Philippine species

Since 2002 there has been a tremendous amount of activity by Filipino scientists who have discovered and named several new species of Rafflesia. Before this time there were two species known: R. manillana and R. schadenbergiana, the latter of which was last seen in 1882 on Mt. Apo in Davao Province on Mindanao Island, but was thought to be extinct. The following gives a chronical of these activities:

  • 2002. A Rafflesia was found in the mountains of Antique Province that differed from any previously described. It was named Rafflesia speciosa by Barcelona and Fernando (Kew Bulletin, 57: 647-651, 2002).
  • 2005. Another Rafflesia was discovered in the Philippines by Drs. Fernando and Ong on remote Mt. Candalaga, Maragusan, Campostela Valley Province on Mindanao and named Rafflesia mira by Fernando and Ong (2005. Asia Life Sciences 14: 263-270). Another group (Madulid et al. 2005 Acta Manilana 53: 1-6) published another name (R. magnifica) later, thus R. mira stands as the nomenclaturally valid name. R. mira (29 cm in diameter), is much larger than R. speciosa (18-20 cm) of Antique Province, and definitely larger than Luzon’s R. manillana (14-20 cm in diameter).[4]
  • 2005. During his expedition to Mt. Igtuog and Mt. Sakpaw in the Central Panay mountain range in April 2005, Renee Galang discovered a previously undescribed Rafflesia. This was named R. lobata by Galang and Madulid (2006, Folia Malaysiana 7: 1-8).
  • 2006. Danny Balete collected a previously undescribed species of Rafflesia in 1991 in the Bicol Region of southern Luzon. The collection was not recognized as a new species until further field work confirmed that this taxon was different than R. manillana. Several new populations have also been seen in the Camarines Sur Province [Mt. Isarog and Mt. Asog (or Mt. Iriga)] in the vicinity of Buhi and Iriga City. This was named R. baletei by Barcelona, Cajano, and Hadsall (2006. Kew Bulletin 61: 231-237). The names R. irigaense or R. irigaenses are invalid and refers to the same taxon.
  • 2007. In 1994 Pascal Lays rediscovered buds of R. schadenbergiana in South Cotabato. His paper reporting this result has only recently been published. Moreover, Dr. Julie Barcelona reports on the discovery of yet another population of this rare species in Bukidnon (Flora Malesiana Bulletin, submitted; see also Parasitic Plant Connection).[5]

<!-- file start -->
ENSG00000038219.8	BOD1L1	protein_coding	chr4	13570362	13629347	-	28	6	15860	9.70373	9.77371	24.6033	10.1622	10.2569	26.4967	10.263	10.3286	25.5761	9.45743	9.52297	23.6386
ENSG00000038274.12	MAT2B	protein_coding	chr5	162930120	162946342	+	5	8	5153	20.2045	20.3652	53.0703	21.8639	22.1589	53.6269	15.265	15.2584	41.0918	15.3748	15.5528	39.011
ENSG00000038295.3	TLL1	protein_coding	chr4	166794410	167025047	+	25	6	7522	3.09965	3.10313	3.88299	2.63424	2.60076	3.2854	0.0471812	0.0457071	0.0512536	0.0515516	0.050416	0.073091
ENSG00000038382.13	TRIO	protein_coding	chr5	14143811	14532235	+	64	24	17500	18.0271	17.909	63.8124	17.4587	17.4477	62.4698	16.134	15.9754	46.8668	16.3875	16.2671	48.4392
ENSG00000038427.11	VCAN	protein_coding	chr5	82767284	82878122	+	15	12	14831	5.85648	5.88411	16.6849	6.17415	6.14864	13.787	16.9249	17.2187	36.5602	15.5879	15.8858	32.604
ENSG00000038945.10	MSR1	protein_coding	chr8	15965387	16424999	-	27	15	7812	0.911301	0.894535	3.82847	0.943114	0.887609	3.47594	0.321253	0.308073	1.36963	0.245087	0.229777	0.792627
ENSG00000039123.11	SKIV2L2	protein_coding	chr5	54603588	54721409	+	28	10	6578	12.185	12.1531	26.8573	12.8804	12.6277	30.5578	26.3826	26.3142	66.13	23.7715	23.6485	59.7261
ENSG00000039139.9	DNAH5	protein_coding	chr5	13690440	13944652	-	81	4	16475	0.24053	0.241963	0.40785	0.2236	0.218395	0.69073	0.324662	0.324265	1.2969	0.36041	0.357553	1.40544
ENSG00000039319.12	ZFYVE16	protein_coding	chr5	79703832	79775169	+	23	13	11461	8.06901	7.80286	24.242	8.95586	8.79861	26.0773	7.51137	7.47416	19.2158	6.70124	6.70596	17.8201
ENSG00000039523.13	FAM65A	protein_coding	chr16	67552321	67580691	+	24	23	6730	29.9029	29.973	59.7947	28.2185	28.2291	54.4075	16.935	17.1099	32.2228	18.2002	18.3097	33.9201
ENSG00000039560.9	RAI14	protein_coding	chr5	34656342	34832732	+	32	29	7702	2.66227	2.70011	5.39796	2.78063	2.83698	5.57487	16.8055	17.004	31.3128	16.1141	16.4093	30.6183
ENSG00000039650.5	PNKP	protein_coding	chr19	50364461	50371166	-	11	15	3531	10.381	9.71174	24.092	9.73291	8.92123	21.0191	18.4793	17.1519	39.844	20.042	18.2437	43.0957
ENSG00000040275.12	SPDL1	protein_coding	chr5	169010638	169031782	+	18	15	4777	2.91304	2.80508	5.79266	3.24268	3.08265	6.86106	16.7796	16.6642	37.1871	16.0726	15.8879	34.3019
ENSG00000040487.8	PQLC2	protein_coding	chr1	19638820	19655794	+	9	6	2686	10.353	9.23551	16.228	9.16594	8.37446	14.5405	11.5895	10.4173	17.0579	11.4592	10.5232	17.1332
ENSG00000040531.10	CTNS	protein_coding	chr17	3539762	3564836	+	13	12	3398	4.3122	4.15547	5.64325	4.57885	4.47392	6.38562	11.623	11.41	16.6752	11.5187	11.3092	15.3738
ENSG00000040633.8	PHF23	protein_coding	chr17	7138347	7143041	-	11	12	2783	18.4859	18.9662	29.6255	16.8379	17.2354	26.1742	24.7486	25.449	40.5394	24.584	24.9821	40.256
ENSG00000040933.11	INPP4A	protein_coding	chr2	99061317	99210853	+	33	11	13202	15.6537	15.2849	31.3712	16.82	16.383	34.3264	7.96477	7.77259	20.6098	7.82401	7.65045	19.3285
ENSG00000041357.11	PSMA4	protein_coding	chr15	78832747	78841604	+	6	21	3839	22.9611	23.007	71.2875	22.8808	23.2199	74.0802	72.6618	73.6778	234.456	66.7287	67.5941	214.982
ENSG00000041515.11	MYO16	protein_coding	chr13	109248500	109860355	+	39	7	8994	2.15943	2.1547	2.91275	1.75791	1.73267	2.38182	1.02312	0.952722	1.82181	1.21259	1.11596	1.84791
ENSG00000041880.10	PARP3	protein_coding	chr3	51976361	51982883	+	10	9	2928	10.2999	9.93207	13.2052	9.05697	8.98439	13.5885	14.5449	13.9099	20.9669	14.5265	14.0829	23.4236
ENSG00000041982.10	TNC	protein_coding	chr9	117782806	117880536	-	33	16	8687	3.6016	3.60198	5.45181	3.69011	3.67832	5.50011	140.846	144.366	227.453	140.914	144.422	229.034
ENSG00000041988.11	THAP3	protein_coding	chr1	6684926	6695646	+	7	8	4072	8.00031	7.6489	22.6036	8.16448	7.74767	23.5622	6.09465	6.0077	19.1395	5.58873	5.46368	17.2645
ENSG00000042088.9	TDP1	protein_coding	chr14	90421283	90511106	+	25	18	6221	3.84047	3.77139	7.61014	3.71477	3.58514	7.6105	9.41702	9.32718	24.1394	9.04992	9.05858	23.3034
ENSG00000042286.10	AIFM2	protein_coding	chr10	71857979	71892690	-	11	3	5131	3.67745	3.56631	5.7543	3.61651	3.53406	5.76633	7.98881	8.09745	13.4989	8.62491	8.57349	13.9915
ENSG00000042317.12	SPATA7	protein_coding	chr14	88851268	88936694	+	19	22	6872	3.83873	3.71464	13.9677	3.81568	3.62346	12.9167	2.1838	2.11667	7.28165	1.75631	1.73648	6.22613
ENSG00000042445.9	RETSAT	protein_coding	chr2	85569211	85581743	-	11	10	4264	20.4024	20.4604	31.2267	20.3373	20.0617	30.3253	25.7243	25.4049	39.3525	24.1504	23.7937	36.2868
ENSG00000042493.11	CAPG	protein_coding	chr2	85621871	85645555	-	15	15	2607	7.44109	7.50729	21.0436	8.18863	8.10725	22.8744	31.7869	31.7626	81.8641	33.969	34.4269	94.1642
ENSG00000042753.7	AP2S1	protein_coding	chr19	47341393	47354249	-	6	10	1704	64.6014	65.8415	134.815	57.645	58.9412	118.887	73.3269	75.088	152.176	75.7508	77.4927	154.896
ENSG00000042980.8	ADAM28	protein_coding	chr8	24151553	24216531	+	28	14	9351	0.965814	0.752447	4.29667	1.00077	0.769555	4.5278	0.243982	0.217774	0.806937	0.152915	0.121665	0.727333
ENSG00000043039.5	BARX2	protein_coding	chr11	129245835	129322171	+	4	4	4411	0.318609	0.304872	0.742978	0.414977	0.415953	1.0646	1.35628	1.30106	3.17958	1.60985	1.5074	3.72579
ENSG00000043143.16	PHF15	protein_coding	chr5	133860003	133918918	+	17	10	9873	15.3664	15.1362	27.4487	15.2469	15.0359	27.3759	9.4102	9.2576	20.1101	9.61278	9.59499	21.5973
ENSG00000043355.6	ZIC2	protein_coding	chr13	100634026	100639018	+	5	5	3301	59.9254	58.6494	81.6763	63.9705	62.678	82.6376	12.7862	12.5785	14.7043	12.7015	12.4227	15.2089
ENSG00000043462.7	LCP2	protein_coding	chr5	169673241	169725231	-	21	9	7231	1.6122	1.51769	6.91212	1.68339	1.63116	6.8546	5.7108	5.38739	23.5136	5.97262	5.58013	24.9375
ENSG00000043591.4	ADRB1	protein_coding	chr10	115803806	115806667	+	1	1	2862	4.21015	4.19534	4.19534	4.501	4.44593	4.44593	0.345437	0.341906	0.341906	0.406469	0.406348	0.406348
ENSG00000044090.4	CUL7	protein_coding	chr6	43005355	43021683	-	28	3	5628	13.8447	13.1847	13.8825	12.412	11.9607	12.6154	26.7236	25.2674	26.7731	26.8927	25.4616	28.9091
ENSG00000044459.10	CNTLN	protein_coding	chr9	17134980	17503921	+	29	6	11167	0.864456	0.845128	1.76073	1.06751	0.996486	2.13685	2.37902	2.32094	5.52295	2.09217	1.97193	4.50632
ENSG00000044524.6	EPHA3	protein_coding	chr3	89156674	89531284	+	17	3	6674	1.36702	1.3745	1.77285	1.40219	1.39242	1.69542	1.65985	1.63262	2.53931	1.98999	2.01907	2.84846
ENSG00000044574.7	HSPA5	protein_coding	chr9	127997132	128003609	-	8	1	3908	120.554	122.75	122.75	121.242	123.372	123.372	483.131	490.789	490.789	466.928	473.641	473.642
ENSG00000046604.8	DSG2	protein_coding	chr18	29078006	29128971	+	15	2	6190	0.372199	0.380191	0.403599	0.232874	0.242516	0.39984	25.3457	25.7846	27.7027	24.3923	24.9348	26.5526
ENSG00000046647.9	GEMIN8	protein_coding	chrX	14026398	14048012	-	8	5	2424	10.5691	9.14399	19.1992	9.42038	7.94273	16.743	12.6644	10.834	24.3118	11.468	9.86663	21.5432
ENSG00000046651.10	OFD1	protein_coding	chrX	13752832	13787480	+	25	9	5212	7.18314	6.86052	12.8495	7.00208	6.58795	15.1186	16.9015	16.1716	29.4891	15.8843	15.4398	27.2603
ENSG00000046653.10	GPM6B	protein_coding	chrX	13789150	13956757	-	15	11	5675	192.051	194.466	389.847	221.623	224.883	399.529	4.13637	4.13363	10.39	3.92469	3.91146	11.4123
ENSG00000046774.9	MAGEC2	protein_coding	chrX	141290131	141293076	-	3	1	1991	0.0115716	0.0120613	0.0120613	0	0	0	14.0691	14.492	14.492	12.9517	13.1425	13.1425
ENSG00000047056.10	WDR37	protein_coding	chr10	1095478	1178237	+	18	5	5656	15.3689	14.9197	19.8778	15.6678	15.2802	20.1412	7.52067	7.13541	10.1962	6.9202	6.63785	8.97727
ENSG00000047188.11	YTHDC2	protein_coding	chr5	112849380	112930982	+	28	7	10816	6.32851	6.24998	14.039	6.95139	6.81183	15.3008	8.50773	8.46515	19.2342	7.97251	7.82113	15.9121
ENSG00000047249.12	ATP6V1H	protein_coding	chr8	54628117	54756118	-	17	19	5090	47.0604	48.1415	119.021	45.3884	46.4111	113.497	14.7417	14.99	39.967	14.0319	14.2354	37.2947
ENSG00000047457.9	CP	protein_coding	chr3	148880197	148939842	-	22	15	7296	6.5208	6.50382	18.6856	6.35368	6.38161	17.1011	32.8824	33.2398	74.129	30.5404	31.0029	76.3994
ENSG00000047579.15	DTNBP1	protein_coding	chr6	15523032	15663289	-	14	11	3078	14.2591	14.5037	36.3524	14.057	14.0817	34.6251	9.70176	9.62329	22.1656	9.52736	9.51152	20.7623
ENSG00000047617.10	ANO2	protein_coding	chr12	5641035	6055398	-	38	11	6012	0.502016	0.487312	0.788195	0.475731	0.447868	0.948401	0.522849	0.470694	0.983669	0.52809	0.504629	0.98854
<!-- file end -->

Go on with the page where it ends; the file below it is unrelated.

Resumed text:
• 2007. Mt. Banahaw in Luzon, a popular destination for mountaineering and religious groups seemed, until recently, an unlikely spot to find a new species of Rafflesia. But such was the case, as Barcelona et al. (2007, Blumea, 52:345-350) have described yet another endemic Rafflesia from the Philippines, R. banahaw.

See also


  1. ^ (January 20, 2004) "Mitochondrial DNA sequences reveal the photosynthetic relatives of Rafflesia, the world's largest flower". PNAS 101 (3): 787-792.
  2. ^ (October 20, 2004) "Phylogenetic inference in Rafflesiales: the influence of rate heterogeneity and horizontal gene transfer". BMC Evolutionary Biology 4: 40.
  3. ^ (January 11, 2007) "Floral gigantism in Rafflesiaceae". Science doi: 10.1126/science.1135260.
  4. ^ Haribon Foundation, Raffesia mira: yet another reason to be proud of the Philippines!
  5. ^ Rediscovery of Rafflesia schadenbergiana. Rafflesia in bloom blog.
  • Jamili Nais. Rafflesia of the world. ISBN 9838120421. 
  • ARKive: images and movies of the rafflesia (Rafflesia spp)
This article is licensed under the GNU Free Documentation License. It uses material from the Wikipedia article "Rafflesia". A list of authors is available in Wikipedia.